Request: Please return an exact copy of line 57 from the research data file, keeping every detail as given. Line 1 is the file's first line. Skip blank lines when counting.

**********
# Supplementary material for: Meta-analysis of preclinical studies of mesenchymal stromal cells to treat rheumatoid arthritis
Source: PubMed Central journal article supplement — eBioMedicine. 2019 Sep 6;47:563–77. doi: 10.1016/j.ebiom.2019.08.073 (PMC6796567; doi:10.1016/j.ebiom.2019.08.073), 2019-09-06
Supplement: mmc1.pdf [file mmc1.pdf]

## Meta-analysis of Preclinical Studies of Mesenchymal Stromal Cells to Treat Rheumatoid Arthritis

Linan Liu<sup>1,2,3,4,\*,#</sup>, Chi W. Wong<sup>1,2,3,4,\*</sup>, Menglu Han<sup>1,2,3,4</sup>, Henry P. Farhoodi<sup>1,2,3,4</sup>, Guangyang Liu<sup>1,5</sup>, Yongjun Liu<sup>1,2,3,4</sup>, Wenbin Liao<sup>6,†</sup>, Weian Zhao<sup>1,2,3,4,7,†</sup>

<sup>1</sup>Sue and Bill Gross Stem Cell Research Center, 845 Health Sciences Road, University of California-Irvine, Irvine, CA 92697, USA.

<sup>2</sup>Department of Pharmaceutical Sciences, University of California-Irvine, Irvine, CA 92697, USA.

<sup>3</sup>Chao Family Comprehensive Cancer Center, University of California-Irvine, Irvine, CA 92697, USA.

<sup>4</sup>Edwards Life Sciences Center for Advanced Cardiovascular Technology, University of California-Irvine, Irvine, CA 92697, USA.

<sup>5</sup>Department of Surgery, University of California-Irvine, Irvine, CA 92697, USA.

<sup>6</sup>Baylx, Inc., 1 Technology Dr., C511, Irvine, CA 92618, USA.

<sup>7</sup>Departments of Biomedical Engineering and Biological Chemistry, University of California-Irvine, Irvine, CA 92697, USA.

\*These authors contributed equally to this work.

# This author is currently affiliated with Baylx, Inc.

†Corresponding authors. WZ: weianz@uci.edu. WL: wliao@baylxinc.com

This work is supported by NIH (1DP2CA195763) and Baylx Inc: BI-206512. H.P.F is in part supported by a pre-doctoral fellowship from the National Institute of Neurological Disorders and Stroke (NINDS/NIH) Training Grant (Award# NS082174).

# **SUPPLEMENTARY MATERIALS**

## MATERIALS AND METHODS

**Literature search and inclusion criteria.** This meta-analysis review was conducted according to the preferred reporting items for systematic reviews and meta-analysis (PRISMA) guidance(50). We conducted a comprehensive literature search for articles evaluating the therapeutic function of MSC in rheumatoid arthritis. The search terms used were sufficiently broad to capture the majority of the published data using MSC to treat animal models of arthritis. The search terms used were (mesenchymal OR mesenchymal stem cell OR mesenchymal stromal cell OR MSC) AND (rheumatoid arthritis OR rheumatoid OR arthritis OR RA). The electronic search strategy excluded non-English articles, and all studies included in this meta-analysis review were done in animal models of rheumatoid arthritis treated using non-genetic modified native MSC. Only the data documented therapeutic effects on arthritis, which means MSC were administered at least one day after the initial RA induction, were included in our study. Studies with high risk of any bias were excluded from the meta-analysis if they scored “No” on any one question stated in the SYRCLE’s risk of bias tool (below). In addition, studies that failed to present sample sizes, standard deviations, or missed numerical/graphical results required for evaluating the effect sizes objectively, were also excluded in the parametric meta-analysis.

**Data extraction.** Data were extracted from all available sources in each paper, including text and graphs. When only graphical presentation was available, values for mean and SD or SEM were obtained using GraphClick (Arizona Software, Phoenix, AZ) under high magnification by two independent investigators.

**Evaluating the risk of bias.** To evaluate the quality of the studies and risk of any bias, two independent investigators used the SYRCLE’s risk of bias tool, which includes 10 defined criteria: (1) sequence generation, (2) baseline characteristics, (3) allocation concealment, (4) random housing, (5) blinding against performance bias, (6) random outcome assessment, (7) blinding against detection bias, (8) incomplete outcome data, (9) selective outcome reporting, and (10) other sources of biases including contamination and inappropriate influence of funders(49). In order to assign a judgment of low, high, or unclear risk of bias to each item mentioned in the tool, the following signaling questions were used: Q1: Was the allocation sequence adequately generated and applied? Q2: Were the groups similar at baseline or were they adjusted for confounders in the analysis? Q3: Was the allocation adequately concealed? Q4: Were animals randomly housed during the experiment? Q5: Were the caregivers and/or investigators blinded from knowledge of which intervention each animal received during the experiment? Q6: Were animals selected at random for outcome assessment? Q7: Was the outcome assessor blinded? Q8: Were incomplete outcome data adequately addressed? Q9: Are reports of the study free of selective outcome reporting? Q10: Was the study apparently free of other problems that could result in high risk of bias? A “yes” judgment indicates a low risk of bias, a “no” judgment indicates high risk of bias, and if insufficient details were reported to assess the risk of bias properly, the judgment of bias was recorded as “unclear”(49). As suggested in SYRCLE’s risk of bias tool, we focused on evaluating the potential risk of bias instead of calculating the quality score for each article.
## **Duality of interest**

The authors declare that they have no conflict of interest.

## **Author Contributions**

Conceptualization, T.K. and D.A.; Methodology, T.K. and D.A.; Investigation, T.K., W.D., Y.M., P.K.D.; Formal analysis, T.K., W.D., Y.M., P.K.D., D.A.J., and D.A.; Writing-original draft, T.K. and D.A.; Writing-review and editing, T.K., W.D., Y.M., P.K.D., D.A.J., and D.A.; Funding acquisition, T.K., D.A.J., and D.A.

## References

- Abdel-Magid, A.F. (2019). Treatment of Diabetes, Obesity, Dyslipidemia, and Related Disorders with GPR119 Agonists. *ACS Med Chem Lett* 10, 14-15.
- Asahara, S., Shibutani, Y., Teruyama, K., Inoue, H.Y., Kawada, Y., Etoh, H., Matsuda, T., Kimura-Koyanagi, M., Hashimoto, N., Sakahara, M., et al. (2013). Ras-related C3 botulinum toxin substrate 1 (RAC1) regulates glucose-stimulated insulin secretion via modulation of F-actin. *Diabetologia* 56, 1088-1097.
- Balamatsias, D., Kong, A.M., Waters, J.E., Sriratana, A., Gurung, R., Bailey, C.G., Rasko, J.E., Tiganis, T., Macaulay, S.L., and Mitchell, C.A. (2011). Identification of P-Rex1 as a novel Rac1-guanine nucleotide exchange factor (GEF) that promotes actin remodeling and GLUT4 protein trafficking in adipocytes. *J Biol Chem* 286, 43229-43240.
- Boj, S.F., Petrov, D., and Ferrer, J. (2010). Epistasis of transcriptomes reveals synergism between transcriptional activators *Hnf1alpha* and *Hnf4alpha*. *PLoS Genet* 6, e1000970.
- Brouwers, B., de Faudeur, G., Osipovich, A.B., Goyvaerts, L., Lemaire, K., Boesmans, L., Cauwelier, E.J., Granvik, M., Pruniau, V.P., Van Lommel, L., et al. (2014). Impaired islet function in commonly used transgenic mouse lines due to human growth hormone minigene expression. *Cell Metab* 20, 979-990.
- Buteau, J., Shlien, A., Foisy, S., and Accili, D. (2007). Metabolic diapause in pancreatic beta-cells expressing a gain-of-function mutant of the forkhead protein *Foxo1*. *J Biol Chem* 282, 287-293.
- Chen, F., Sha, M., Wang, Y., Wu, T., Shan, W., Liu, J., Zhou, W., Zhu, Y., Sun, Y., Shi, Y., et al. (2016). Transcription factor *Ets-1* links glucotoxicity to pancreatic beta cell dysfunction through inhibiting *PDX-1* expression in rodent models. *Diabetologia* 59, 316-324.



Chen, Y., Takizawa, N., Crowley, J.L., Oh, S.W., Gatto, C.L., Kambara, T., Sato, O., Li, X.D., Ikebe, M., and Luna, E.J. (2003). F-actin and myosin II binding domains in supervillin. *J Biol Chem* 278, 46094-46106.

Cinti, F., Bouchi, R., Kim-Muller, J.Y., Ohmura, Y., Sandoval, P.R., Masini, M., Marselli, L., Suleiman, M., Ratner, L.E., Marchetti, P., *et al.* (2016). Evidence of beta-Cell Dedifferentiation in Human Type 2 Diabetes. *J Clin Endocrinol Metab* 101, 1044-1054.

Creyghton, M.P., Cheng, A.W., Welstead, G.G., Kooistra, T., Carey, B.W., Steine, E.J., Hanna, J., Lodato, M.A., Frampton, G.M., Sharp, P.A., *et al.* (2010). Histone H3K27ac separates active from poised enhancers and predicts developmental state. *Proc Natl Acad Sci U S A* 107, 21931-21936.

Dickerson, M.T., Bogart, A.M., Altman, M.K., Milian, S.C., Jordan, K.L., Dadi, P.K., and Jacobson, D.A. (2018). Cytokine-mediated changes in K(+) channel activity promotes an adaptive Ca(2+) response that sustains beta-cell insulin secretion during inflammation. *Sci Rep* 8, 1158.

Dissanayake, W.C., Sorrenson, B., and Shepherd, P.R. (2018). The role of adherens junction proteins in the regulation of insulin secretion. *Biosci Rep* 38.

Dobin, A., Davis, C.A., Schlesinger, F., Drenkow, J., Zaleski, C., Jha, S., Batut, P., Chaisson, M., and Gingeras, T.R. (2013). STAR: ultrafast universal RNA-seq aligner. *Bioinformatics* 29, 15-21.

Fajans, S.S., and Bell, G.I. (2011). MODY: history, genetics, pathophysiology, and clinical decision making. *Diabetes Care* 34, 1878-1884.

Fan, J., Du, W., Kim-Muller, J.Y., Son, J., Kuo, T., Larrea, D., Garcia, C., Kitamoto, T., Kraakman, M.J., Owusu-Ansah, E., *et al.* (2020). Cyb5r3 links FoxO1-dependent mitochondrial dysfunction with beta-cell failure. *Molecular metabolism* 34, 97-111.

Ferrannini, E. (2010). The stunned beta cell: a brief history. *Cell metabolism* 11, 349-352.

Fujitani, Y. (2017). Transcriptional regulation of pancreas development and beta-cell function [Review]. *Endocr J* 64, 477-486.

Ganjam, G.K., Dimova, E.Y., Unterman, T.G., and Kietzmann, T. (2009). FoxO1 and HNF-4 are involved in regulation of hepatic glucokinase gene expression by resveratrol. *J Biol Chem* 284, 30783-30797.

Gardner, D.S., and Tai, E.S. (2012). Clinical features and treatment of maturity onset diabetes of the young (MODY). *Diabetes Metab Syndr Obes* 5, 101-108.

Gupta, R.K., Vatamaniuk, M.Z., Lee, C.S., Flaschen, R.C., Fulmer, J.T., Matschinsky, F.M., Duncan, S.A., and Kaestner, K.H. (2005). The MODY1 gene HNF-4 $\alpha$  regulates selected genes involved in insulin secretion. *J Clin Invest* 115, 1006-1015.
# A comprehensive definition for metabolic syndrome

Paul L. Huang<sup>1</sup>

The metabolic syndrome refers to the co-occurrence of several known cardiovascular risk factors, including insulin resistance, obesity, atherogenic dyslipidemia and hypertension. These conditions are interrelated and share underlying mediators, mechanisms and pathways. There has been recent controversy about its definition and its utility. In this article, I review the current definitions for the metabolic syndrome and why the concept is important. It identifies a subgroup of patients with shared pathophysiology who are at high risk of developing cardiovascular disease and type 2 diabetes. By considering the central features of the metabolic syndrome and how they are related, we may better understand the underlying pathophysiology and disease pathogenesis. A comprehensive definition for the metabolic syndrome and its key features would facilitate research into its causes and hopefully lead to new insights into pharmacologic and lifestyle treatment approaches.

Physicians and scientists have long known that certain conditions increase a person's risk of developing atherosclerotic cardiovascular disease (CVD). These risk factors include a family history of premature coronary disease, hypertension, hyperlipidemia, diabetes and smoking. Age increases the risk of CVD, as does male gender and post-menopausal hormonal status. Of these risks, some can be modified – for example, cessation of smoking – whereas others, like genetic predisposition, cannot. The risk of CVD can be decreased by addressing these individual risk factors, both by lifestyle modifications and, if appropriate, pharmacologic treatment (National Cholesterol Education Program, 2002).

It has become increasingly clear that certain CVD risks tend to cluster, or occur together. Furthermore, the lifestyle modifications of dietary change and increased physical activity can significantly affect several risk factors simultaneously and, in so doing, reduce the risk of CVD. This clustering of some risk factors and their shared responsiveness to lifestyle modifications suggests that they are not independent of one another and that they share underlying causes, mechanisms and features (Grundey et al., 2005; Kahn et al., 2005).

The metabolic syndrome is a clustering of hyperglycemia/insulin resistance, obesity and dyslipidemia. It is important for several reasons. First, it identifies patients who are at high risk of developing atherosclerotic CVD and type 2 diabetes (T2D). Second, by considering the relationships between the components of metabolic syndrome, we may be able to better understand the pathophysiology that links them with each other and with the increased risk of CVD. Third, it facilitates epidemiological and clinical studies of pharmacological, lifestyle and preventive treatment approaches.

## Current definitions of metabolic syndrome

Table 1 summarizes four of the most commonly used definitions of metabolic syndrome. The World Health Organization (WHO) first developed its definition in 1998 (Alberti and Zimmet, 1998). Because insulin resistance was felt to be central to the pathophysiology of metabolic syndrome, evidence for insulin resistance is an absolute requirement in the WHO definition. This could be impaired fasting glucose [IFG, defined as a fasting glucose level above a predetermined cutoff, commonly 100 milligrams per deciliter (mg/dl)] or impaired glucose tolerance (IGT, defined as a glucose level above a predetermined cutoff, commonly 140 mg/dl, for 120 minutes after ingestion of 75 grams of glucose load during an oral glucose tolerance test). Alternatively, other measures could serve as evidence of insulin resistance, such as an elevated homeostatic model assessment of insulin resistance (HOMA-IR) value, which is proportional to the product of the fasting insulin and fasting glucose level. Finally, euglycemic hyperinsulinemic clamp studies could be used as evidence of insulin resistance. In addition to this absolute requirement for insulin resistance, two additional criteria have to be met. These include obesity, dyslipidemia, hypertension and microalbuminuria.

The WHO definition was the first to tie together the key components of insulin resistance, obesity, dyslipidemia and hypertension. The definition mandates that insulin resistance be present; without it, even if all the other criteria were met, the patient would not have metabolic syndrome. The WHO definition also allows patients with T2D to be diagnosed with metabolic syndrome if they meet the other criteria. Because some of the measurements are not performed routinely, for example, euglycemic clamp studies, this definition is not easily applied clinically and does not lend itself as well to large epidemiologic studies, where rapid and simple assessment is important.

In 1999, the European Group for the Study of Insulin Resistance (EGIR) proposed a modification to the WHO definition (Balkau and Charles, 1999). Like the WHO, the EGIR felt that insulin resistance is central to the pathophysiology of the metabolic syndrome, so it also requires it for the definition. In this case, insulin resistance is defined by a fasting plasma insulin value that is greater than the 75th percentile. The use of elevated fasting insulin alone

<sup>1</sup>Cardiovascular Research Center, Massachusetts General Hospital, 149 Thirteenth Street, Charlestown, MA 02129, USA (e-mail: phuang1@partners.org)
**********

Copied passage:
<sup>1</sup>Cardiovascular Research Center, Massachusetts General Hospital, 149 Thirteenth Street, Charlestown, MA 02129, USA (e-mail: phuang1@partners.org)